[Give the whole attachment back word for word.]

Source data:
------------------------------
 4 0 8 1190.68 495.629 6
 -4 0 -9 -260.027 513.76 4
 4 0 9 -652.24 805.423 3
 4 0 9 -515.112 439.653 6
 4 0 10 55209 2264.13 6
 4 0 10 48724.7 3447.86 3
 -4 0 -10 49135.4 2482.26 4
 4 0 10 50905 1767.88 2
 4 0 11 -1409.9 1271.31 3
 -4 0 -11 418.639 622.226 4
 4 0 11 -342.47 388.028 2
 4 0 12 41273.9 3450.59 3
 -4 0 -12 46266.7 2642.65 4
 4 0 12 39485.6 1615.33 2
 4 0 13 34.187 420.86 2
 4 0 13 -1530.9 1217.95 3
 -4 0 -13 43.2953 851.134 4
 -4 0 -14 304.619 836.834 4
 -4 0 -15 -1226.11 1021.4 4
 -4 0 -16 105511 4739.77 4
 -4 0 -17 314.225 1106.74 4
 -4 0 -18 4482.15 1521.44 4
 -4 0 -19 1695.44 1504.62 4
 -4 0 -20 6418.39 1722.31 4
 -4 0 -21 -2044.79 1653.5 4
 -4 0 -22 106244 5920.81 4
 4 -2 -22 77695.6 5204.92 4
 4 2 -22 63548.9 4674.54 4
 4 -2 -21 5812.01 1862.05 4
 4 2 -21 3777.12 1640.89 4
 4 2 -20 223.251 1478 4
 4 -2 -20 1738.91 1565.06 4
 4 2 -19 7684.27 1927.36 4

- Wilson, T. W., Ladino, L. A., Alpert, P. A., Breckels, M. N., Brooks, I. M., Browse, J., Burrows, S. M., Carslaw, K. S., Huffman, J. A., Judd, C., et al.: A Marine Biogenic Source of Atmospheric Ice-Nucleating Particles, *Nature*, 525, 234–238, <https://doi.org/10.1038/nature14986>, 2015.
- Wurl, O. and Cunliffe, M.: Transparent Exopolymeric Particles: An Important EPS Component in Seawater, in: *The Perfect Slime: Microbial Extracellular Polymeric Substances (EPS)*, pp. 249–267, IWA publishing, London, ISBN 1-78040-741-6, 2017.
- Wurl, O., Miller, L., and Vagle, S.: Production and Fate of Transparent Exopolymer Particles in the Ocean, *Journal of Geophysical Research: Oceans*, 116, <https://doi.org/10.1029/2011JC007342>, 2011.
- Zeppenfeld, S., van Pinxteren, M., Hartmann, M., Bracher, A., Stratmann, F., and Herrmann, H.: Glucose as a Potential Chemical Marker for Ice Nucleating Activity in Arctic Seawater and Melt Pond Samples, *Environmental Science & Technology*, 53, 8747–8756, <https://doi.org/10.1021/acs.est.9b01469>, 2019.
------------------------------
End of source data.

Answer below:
 4 0 8 1190.68 495.629 6
 -4 0 -9 -260.027 513.76 4
 4 0 9 -652.24 805.423 3
 4 0 9 -515.112 439.653 6
 4 0 10 55209 2264.13 6
 4 0 10 48724.7 3447.86 3
 -4 0 -10 49135.4 2482.26 4
 4 0 10 50905 1767.88 2
 4 0 11 -1409.9 1271.31 3
 -4 0 -11 418.639 622.226 4
 4 0 11 -342.47 388.028 2
 4 0 12 41273.9 3450.59 3
 -4 0 -12 46266.7 2642.65 4
 4 0 12 39485.6 1615.33 2
 4 0 13 34.187 420.86 2
 4 0 13 -1530.9 1217.95 3
 -4 0 -13 43.2953 851.134 4
 -4 0 -14 304.619 836.834 4
 -4 0 -15 -1226.11 1021.4 4
 -4 0 -16 105511 4739.77 4
 -4 0 -17 314.225 1106.74 4
 -4 0 -18 4482.15 1521.44 4
 -4 0 -19 1695.44 1504.62 4
 -4 0 -20 6418.39 1722.31 4
 -4 0 -21 -2044.79 1653.5 4
 -4 0 -22 106244 5920.81 4
 4 -2 -22 77695.6 5204.92 4
 4 2 -22 63548.9 4674.54 4
 4 -2 -21 5812.01 1862.05 4
 4 2 -21 3777.12 1640.89 4
 4 2 -20 223.251 1478 4
 4 -2 -20 1738.91 1565.06 4
 4 2 -19 7684.27 1927.36 4

- Wilson, T. W., Ladino, L. A., Alpert, P. A., Breckels, M. N., Brooks, I. M., Browse, J., Burrows, S. M., Carslaw, K. S., Huffman, J. A., Judd, C., et al.: A Marine Biogenic Source of Atmospheric Ice-Nucleating Particles, *Nature*, 525, 234–238, <https://doi.org/10.1038/nature14986>, 2015.
- Wurl, O. and Cunliffe, M.: Transparent Exopolymeric Particles: An Important EPS Component in Seawater, in: *The Perfect Slime: Microbial Extracellular Polymeric Substances (EPS)*, pp. 249–267, IWA publishing, London, ISBN 1-78040-741-6, 2017.
- Wurl, O., Miller, L., and Vagle, S.: Production and Fate of Transparent Exopolymer Particles in the Ocean, *Journal of Geophysical Research: Oceans*, 116, <https://doi.org/10.1029/2011JC007342>, 2011.
- Zeppenfeld, S., van Pinxteren, M., Hartmann, M., Bracher, A., Stratmann, F., and Herrmann, H.: Glucose as a Potential Chemical Marker for Ice Nucleating Activity in Arctic Seawater and Melt Pond Samples, *Environmental Science & Technology*, 53, 8747–8756, <https://doi.org/10.1021/acs.est.9b01469>, 2019.